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Ahmed Fakroun / Belle Epoque - Yo Son (Edit De Prince Language) / Bamalama (Edit De Lee Douglas) Album

Ahmed Fakroun / Belle Epoque - Yo Son (Edit De Prince Language) / Bamalama (Edit De Lee Douglas) Album
Title:
Yo Son (Edit De Prince Language) / Bamalama (Edit De Lee Douglas)
Performer:
Ahmed Fakroun / Belle Epoque
Style:
Disco
Released:
2007
Catalog:
ed-1977
Country:
US
MP3 album size:
1214 mb
FLAC album size:
2413 mb
Genre:
Label:
Editions Disco

Tracklist


1Ahmed FakrounYo Son (Edit De Prince Language)
Edited By – Prince Language
2Belle EpoqueBamalama (Edit De Lee Douglas)
Edited By – Lee Douglas


Notes


Original artists not listed.

A side originally released in 1983 as Ahmed Fakroun - Soleil Soleil.
B side originally released in 1977 as Belle Epoque - Bamalama.


Album


On this page you can not listen to mp3 music free or download album or mp3 track to your PC, phone or tablet. See also releases of Ahmed Fakroun, Belle Epoque: Click to release cover to see details: Distres. On the B-sides Bamalama, NYCs Lee Douglas chops an obscure Belle. Summer New Collection. Ahmed Fakroun. A touch of a Trevor HornMalcolm MclarenDuck Rock vibe Check On the B-sides Bamalama, NYCs Lee Douglas chops an obscure Belle Epoque Miss Broadway track thats very reminiscent of his own amazing productions for the Rong Music label. Sign me up Plays at 45. MP3 320 CBR. From The Album. We dont have an album for this track yet. View all albums by this artist. Do you know the lyrics for this track Add lyrics on Musixmatch. Ahmet Fakroun. 1 listener. Visit JoNo's Audio Delights for more info: marelease939010. Libya Balearic PrinceLanguage Prince Language Disco. On this page you can listen to mp3 music free By Prince Language. Belle Epoque. Original artists not listed. Ahmed Fakroun looked set to make his mark in world music circles in the mid-1980s when his album Mots D'Amour, combining traditional Arab instruments and melodies with electronic music and dance rhythms, was released on the Celluloid label in France. But then came the US aerial bombing of Libya in April 1986, followed by years of international sanctions, as evidence of terror links turned Libya's government into a pariah of the West and seriously impeded its citizens' freedom of movement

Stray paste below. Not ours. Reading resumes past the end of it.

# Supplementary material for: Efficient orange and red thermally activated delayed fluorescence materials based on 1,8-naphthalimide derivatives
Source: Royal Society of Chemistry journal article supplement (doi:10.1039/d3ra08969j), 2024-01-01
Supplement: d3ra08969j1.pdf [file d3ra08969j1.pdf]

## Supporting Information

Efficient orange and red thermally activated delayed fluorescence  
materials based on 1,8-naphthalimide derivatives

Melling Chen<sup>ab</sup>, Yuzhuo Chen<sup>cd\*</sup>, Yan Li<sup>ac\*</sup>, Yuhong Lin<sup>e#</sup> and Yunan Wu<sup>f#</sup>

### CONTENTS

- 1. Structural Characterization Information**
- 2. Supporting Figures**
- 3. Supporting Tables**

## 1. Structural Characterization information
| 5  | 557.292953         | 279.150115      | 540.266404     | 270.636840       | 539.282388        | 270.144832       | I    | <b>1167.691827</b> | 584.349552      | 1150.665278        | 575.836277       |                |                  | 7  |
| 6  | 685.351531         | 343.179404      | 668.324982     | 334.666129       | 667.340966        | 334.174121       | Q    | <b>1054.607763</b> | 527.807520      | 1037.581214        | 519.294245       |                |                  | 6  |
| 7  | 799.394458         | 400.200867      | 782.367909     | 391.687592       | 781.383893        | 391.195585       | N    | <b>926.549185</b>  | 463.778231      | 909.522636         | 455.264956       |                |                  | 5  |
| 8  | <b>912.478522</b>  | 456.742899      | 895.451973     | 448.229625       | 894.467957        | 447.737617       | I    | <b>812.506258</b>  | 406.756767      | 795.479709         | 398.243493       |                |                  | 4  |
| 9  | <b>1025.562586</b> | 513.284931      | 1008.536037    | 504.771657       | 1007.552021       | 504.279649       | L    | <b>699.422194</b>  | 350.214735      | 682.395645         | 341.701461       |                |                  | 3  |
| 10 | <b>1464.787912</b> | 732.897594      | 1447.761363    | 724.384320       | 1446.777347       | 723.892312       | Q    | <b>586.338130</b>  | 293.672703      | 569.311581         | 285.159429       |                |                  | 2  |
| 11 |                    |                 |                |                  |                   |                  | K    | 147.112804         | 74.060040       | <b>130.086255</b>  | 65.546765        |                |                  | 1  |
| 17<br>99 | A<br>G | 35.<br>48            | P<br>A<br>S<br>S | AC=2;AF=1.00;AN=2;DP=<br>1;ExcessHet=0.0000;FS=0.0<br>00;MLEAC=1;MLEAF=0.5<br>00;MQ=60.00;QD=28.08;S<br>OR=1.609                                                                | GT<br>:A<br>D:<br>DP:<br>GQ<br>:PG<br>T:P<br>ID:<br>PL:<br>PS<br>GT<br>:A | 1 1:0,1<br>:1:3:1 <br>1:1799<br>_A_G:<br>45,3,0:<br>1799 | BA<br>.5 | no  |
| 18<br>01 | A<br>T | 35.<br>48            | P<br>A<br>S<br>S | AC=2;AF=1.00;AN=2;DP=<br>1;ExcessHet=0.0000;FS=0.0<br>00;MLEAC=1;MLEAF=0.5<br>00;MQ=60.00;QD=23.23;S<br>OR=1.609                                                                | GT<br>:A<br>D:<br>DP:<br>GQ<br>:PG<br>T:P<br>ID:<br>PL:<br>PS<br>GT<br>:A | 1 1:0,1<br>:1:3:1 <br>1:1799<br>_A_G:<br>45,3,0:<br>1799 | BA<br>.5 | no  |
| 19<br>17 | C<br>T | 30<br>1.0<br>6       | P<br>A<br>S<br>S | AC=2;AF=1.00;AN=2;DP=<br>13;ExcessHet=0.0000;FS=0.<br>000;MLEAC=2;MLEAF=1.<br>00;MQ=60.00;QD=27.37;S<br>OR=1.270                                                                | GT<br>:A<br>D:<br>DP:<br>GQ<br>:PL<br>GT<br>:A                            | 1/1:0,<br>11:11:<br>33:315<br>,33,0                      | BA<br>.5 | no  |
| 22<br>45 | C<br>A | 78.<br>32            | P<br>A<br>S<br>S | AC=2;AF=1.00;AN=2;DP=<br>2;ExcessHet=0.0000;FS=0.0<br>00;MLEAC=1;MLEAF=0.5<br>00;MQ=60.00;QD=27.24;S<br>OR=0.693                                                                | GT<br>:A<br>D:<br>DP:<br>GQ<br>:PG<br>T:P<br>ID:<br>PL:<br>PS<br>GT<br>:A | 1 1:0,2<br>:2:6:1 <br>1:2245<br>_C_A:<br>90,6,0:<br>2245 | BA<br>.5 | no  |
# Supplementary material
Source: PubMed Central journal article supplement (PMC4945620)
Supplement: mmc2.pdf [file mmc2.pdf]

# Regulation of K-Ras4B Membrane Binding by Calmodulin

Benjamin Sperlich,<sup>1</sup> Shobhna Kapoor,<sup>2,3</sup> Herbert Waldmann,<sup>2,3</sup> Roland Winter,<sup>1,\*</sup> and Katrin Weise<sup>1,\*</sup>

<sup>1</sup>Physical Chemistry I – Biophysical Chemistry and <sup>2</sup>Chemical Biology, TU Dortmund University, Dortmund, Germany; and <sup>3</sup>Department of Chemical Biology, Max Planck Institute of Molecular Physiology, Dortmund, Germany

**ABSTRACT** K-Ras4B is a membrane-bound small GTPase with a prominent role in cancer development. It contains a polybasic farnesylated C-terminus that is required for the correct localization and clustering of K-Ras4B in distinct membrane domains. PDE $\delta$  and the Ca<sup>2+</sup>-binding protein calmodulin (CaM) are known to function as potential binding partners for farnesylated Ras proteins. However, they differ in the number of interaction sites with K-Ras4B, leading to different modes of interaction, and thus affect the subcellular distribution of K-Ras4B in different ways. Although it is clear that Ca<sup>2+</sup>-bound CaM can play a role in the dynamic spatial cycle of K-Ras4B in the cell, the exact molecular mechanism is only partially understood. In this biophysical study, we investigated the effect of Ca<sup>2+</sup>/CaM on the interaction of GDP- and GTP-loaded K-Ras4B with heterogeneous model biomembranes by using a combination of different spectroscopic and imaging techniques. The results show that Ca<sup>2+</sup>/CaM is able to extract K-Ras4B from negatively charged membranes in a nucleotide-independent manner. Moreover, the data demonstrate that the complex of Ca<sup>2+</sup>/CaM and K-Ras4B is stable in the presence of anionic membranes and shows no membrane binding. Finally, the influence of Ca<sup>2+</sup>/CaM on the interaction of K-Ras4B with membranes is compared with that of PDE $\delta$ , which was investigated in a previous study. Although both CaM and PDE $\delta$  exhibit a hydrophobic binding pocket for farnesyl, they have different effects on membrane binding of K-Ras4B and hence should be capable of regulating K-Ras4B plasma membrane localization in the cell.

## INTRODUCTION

Video


Reviews:
  • Kanrad
I have a copy for sale in the US. PM me if interested. Both vinyl and sleeve are NM.
  • elektron
I am looking for this one, please message me if your are selling it. Thanks
  • Lanionge
yep +1, fingers and toes crossed there is anyone out there willing to pass this on, would love to spin this
  • Wnex
Just seen this posted on Facebook market place as it's banned here: https://www.facebook.com/marketplace/item/373028386869360/
  • Gavinrage
Seems like this blew up recently, is someone playing it? Glad I grabbed a copy a few years back, and no, it isn't for sale :)
  • catterpillar
Maybe because Ahmed Fakroun is touring..? Playing UK at Jazz Cafe in August 18
  • Kelezel
I would also like a copy :') hit me up
  • lacki
I would also very much like to purchase an edition of this vinyl if anyone cares to divest themselves of their copy.
  • Buzatus
I woulld be happy to buy this from somebody. If you wish to sell this just send me a message!